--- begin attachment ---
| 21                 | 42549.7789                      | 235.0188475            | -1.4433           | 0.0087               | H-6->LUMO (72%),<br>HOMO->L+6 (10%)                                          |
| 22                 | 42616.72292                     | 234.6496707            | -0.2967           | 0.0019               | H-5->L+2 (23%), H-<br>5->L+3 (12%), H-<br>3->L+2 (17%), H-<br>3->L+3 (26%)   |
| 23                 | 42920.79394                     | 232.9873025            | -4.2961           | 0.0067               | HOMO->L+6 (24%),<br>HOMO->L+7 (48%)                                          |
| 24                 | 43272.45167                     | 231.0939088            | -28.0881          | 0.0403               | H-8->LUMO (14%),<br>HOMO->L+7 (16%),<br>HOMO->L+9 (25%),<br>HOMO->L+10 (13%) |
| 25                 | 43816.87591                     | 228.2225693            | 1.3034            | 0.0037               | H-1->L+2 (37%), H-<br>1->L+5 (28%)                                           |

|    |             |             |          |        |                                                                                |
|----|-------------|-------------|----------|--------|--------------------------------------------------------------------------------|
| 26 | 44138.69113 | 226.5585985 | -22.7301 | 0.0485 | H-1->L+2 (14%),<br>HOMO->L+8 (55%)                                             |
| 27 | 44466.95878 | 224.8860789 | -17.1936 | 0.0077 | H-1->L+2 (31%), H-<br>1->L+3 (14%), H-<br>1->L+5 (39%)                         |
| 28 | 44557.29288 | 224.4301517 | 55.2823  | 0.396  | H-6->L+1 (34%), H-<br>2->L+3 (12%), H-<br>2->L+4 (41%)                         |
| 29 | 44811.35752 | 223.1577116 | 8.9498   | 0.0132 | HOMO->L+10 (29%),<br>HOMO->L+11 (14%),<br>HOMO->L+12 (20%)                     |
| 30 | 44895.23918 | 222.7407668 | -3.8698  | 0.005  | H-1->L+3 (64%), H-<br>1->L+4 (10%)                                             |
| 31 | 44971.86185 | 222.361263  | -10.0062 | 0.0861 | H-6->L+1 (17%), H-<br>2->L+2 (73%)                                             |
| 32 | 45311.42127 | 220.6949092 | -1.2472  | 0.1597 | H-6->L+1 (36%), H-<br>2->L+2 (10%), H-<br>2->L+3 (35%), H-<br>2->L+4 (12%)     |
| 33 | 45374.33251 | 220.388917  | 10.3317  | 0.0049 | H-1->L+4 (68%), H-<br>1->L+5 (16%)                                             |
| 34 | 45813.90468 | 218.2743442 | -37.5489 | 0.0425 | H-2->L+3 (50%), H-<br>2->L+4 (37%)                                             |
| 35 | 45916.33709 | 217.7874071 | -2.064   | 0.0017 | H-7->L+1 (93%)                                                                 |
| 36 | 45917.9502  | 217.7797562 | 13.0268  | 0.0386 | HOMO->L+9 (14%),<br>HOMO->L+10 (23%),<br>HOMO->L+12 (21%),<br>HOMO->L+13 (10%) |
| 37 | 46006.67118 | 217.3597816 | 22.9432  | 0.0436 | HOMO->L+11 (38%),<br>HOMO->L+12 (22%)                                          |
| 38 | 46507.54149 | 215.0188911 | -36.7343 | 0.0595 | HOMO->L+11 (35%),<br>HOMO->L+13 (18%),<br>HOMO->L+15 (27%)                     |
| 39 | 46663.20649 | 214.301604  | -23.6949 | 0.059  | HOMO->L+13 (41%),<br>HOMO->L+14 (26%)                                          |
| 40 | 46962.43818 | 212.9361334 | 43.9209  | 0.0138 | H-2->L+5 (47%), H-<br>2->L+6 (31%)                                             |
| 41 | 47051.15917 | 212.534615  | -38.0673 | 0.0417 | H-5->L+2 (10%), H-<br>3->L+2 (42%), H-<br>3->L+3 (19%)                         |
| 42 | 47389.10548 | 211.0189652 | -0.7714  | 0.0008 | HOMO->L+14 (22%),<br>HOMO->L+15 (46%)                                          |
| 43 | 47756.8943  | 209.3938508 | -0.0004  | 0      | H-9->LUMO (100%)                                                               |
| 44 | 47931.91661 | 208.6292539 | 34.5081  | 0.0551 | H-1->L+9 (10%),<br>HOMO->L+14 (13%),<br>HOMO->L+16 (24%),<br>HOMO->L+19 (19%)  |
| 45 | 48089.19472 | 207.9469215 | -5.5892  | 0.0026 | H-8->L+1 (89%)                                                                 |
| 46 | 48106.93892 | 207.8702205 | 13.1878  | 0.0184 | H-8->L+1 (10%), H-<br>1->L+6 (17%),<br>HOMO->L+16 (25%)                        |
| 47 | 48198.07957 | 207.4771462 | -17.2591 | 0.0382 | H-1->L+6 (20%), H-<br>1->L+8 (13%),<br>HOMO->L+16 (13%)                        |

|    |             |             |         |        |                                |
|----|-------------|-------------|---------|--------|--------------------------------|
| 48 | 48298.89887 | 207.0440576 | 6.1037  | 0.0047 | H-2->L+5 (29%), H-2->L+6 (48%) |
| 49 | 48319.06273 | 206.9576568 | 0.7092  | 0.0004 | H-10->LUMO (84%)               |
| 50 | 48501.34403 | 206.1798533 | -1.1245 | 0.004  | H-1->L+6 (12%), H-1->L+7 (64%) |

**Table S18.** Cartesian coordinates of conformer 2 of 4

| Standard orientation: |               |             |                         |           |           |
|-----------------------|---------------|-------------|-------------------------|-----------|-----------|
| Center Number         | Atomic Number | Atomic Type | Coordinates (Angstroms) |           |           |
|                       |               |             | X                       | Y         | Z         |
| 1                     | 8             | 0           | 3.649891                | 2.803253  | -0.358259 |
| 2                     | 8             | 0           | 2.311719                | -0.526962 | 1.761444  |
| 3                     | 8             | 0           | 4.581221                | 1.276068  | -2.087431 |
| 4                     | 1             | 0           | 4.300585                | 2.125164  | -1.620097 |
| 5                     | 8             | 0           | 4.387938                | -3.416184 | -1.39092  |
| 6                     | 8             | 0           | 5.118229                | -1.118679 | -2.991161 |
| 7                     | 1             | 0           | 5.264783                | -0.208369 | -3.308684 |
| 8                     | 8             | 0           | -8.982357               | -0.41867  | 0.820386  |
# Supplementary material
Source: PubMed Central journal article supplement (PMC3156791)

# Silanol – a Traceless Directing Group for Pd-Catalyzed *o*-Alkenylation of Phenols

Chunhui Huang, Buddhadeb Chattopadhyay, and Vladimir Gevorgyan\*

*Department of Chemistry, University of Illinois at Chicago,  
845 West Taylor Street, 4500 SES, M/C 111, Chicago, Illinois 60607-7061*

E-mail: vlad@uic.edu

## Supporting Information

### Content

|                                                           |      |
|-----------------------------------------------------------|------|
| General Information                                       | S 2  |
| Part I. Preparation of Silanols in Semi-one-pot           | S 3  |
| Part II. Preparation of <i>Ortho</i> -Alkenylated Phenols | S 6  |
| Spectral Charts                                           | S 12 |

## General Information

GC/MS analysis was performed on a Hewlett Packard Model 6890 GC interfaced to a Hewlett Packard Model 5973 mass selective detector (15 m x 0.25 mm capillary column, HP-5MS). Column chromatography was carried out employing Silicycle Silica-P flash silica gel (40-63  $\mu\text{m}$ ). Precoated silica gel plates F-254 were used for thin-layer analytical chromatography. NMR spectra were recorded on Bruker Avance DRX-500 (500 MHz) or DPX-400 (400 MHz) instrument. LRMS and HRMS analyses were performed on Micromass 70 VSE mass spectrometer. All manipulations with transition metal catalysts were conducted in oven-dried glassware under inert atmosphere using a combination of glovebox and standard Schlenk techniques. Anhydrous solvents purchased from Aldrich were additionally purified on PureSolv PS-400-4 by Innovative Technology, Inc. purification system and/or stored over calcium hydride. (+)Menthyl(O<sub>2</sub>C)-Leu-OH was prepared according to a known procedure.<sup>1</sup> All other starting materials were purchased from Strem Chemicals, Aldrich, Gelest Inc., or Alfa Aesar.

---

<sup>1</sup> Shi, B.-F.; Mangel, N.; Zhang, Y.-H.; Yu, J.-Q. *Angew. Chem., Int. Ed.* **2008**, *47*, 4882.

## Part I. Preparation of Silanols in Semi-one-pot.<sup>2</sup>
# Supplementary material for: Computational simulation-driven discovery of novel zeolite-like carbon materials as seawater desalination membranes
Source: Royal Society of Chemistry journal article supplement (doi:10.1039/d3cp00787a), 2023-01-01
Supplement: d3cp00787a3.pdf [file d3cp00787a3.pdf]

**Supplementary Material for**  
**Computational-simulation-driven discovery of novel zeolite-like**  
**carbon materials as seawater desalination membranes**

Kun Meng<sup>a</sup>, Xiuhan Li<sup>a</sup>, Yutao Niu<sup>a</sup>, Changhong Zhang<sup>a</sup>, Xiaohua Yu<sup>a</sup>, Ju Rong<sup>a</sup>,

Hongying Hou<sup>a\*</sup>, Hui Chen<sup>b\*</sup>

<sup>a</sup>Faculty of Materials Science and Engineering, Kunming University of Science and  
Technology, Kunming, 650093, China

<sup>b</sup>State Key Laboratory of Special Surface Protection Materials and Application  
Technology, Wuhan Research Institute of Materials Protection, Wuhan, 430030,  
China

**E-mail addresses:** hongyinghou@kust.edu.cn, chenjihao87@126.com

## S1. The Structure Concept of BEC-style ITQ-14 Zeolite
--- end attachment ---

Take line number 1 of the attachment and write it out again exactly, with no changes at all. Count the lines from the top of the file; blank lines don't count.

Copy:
| 21                 | 42549.7789                      | 235.0188475            | -1.4433           | 0.0087               | H-6->LUMO (72%),<br>HOMO->L+6 (10%)                                          |